Prevention and Treatment of Avian Influenza A Viruses in People

Protective actions around birds
  • As a general precaution, people should avoid wild birds and observe them only from a distance
  • Avoid contact with domestic birds (poultry) that appear ill or have died
  • Avoid contact with surfaces that appear to be contaminated with feces from wild or domestic birds

The Best Prevention is to Avoid Sources of Exposure

Currently, the best way to prevent infection with avian influenza A viruses is to avoid sources of exposure whenever possible. Infected birds shed avian influenza virus in their saliva, mucous and feces. Human infections with bird flu viruses can happen when enough virus gets into a person’s eyes, nose or mouth, or is inhaled. This can happen when virus is in the air (in droplets or possibly dust) and a person breathes it in, or when a person touches something that has virus on it then touches their mouth, eyes or nose. Rare human infections with some avian viruses have occurred most often after unprotected contact with infected birds or surfaces contaminated with avian influenza viruses. However, some infections have been identified where direct contact was not known to have occurred.

People who work with poultry or who respond to avian influenza outbreaks are advised to follow recommended biosecurity and infection control practices; these include use of appropriate personal protective equipment and careful attention to hand hygiene. Additionally, CDC recommends that people responding to poultry outbreaks should get a seasonal influenza vaccination every year, preferably at least two weeks before engaging in an outbreak response. Seasonal influenza vaccination will not prevent infection with avian influenza A viruses, but can reduce the risk of co-infection with human and avian influenza A viruses. These people should also be monitored for illness during and after responding to avian influenza outbreaks among poultry.

What to do if you find a dead bird

State and local agencies have different policies for collecting and testing birds, so check with your state health department, state veterinary diagnostic laboratory, or state wildlife agency for information about reporting dead birds in your area. Wildlife agencies routinely investigate sick or dead bird events if large numbers are impacted. This type of reporting could help with the early detection of illnesses like West Nile virus or avian influenza. If local authorities tell you to simply dispose of the bird’s carcass (body), don’t handle it with your bare hands. Use gloves or an inverted plastic bag to place the carcass in a garbage bag, which can then be disposed of in your regular trash.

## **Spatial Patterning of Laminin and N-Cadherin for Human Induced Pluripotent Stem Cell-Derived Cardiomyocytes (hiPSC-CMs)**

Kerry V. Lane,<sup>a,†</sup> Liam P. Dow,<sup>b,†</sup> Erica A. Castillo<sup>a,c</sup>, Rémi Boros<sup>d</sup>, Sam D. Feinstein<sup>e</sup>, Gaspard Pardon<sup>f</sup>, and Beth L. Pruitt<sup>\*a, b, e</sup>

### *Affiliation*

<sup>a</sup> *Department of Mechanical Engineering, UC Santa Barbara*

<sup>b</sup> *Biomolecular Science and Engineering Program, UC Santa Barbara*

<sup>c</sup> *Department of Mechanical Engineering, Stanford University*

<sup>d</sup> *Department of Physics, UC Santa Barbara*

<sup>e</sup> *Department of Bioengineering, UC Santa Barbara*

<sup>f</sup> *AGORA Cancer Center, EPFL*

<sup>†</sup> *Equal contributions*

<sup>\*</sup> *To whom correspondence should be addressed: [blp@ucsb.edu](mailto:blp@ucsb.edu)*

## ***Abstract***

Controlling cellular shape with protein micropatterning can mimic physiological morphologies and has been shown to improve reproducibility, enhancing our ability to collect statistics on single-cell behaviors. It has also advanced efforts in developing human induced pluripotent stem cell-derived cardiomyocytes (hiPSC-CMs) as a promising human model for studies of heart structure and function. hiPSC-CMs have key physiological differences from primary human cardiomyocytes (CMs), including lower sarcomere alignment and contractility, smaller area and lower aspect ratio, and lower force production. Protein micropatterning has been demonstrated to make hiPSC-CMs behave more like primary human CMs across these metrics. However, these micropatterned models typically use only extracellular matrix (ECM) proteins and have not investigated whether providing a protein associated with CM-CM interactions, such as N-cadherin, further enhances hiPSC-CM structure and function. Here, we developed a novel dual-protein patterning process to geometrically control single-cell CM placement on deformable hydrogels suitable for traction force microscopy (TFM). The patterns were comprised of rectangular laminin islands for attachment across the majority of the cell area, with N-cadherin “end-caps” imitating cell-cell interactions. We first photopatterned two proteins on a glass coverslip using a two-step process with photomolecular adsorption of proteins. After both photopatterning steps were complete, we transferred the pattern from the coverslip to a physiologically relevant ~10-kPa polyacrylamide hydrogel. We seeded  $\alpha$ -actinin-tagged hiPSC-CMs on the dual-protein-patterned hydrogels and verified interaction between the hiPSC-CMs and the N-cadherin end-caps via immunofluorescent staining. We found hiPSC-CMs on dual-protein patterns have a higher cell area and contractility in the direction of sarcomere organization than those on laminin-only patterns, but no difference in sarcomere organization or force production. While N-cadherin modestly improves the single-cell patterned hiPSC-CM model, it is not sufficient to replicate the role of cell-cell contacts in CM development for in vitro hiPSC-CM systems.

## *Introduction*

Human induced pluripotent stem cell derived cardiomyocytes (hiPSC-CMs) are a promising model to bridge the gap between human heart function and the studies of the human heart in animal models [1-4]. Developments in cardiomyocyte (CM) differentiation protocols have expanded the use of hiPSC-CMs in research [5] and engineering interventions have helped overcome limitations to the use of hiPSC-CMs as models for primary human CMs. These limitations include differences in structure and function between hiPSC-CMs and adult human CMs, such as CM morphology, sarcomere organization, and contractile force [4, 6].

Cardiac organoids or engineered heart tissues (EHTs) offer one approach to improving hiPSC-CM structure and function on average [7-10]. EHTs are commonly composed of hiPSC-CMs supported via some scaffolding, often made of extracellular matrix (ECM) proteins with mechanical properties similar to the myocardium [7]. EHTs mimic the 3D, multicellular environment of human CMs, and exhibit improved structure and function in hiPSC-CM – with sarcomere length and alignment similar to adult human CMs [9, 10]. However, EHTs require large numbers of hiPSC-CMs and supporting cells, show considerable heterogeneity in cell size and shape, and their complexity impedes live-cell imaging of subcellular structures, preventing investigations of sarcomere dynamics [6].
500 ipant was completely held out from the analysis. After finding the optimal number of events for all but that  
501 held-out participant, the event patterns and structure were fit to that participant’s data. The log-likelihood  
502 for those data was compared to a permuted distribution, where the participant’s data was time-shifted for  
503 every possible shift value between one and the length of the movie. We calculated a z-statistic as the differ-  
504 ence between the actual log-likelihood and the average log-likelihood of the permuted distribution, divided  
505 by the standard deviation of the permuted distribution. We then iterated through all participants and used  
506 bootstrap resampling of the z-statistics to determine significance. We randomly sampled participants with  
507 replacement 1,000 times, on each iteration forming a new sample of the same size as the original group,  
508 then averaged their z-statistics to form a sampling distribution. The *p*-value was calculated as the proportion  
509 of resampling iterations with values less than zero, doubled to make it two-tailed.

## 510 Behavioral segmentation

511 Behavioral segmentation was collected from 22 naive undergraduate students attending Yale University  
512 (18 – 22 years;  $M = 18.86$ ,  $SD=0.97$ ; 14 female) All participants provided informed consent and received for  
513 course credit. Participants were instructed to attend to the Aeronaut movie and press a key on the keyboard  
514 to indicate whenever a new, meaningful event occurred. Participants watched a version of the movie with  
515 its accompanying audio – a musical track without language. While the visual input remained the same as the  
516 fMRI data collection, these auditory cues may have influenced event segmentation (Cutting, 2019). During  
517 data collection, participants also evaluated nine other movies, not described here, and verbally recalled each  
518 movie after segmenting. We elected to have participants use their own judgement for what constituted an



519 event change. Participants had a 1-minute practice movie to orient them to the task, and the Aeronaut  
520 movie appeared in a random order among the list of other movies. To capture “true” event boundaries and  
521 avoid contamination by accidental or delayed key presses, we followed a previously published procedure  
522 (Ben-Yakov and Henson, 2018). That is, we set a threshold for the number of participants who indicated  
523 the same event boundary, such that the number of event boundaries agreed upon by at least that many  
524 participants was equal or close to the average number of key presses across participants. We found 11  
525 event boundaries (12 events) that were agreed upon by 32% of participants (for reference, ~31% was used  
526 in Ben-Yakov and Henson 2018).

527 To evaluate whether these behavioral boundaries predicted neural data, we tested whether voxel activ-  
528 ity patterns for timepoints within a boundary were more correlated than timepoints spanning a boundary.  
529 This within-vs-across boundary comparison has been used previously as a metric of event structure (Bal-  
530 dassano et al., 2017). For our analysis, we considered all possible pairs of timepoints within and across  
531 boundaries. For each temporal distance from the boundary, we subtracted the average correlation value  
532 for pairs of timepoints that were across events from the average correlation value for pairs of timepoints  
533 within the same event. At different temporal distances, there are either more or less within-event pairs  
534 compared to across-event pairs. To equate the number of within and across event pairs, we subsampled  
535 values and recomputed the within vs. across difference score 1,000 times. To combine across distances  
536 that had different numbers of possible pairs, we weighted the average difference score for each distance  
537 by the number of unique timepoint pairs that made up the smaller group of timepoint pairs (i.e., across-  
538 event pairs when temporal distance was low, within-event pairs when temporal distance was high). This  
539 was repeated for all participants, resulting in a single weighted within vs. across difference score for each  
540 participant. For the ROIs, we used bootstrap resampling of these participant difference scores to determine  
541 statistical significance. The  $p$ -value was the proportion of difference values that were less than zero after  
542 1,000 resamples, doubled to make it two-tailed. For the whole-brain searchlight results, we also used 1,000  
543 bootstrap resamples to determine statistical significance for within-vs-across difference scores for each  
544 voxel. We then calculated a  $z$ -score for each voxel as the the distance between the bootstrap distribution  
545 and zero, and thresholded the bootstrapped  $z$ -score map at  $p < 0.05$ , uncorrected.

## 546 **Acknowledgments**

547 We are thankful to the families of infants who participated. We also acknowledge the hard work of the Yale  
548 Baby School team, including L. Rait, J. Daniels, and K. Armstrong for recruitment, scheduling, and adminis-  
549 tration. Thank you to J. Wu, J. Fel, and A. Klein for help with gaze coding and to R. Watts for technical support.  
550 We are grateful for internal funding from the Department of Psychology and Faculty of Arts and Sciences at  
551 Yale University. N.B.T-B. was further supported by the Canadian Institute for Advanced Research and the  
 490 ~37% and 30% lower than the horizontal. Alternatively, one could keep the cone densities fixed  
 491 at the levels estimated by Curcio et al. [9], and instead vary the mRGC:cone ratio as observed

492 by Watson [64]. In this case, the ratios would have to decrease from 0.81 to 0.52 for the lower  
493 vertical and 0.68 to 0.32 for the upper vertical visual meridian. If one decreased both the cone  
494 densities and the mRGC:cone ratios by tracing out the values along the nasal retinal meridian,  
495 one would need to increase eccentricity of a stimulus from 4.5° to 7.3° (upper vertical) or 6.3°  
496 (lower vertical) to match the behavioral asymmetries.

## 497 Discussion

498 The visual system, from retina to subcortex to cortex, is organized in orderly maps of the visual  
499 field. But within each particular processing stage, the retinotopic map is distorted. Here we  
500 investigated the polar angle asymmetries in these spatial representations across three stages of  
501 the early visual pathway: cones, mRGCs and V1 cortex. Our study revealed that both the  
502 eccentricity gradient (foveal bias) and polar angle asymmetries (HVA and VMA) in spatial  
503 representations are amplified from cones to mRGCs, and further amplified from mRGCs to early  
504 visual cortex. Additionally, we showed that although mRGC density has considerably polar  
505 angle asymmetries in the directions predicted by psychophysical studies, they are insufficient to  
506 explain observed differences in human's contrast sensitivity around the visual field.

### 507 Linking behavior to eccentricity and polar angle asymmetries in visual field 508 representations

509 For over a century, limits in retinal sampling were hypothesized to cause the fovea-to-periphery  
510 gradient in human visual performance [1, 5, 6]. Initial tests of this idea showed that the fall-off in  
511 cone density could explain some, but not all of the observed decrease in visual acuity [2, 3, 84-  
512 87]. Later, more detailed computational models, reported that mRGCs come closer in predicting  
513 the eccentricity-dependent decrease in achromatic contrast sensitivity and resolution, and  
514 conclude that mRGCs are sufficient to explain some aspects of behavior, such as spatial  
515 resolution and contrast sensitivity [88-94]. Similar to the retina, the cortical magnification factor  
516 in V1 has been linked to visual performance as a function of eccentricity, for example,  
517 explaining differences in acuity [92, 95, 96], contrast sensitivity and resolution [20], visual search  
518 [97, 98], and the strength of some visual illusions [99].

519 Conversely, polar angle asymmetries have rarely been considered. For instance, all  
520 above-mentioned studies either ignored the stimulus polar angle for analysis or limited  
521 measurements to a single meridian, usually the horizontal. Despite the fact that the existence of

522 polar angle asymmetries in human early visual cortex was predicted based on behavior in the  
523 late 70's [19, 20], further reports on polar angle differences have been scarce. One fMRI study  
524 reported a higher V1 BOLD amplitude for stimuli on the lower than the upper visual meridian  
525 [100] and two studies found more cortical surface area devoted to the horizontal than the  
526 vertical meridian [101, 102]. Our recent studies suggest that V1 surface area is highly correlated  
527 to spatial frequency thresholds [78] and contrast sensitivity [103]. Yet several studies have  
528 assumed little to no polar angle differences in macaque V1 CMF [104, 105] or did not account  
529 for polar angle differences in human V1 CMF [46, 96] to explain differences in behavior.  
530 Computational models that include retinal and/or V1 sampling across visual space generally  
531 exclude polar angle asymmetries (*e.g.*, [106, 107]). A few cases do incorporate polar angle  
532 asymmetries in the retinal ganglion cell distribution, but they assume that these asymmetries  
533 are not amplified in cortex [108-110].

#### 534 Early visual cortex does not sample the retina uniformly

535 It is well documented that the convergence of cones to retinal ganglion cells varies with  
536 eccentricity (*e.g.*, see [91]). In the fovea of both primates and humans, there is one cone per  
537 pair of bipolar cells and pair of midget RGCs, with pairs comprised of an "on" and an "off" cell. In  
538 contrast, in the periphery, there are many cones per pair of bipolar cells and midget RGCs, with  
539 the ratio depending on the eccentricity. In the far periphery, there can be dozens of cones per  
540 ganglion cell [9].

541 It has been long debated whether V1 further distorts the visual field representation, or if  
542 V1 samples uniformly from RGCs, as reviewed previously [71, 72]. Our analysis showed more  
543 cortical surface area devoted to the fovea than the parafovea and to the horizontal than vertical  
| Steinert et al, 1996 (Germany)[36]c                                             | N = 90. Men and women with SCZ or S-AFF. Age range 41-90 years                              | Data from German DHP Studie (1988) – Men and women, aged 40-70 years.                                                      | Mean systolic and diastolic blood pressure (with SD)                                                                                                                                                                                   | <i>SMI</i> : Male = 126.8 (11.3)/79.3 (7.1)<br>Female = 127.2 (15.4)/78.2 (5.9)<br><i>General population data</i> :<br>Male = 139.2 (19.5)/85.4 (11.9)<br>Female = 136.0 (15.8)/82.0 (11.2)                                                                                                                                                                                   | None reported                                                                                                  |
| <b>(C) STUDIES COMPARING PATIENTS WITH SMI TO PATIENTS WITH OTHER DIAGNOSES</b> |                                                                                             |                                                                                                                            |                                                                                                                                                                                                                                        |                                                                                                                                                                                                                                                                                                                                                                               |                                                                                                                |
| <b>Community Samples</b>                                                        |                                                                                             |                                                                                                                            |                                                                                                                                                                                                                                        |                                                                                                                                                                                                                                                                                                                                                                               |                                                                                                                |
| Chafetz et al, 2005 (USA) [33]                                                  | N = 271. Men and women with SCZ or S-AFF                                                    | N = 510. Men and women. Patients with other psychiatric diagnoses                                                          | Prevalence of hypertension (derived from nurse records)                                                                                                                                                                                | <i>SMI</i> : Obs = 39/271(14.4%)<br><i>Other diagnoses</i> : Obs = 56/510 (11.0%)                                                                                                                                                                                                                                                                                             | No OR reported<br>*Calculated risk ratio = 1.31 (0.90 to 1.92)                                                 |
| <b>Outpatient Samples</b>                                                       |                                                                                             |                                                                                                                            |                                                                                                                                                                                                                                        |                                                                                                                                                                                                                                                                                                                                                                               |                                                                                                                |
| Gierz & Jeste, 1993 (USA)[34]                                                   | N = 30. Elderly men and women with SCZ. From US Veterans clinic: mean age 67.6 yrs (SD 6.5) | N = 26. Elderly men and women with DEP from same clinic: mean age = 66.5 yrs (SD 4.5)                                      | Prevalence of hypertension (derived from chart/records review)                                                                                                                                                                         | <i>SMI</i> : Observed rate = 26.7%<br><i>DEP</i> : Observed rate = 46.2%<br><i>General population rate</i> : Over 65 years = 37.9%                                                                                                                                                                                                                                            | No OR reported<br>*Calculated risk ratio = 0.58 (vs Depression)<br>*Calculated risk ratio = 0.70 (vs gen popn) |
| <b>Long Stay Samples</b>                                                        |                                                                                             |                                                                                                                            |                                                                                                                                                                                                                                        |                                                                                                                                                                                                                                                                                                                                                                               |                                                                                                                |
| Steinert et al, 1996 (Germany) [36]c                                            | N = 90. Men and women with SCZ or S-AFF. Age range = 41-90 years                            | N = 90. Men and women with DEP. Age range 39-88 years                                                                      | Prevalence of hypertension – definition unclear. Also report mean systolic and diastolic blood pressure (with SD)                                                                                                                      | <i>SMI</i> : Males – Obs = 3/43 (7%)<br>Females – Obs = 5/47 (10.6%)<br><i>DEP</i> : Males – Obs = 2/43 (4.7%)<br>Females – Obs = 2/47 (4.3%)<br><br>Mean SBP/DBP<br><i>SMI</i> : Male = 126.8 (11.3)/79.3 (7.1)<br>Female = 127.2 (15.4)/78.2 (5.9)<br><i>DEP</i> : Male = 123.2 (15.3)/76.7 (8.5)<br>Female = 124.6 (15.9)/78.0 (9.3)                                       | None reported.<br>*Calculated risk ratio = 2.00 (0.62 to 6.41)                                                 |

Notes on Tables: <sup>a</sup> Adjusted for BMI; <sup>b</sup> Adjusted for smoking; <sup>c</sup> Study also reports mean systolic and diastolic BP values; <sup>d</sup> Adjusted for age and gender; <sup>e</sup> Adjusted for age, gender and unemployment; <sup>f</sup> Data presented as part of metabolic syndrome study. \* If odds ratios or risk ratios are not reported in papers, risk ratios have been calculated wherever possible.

To report unusual signs in birds you have seen in the wild, call 1-866-4-USDA-WS (1-866-4-8732-97).

Preparing food

  • The U.S. poultry industry maintains rigorous health and safety standards, including routine monitoring for avian influenza.
  • It is safe to eat properly handled and cooked poultry in the United States.
  • However, consumers are reminded to handle raw poultry hygienically and cook all poultry and poultry products (including eggs) thoroughly before eating.
  • Raw poultry can be associated with many infections, including salmonella.
  • While there is no evidence that any human cases of avian influenza have ever been acquired by eating properly cooked poultry products, uncooked poultry and poultry products (like blood) have been linked to human infections with organisms other than influenza. Proper cooking kills influenza viruses. Visit the USDA food safety website at USDA – Food Safety EducationExternal for instructions on handling poultry safely.

Traveling to other countries

  • Currently, CDC does not recommend any travel restrictions to any of the countries affected by avian influenza viruses in poultry or people.
  • CDC does recommend that travelers to countries with avian influenza A outbreaks in poultry or people observe the following:
    • Avoid visiting poultry farms, bird markets and other places where live poultry are raised, kept, or sold.
    • Avoid preparing or eating raw or undercooked poultry products.
    • Practice hygiene and cleanliness.
    • Visit a doctor if you become sick during or after travel.
  • CDC Travelers’ Health for more information on avian influenza.

If you’ve had direct contact with infected birds

  • People who have had direct contact with infected bird(s) should be watched to see if they become ill. They may be given influenza antiviral drugs to prevent illness.
  • While antiviral drugs are most often used to treat flu, they also can be used to prevent infection in someone who has been exposed to influenza viruses. When used to prevent seasonal influenza, antiviral drugs are 70% to 90% effective.
  • Close contacts (family members, etc.) of people who have been exposed to avian influenza viruses are being asked to monitor their health and report any flu-like symptoms. Avian Influenza: Information for Health Professionals and Laboratorians for the latest guidance.

If you’re a clinician, laboratorian or public health worker

Avian Influenza: Information for Health Professionals and Laboratorians for the latest guidance.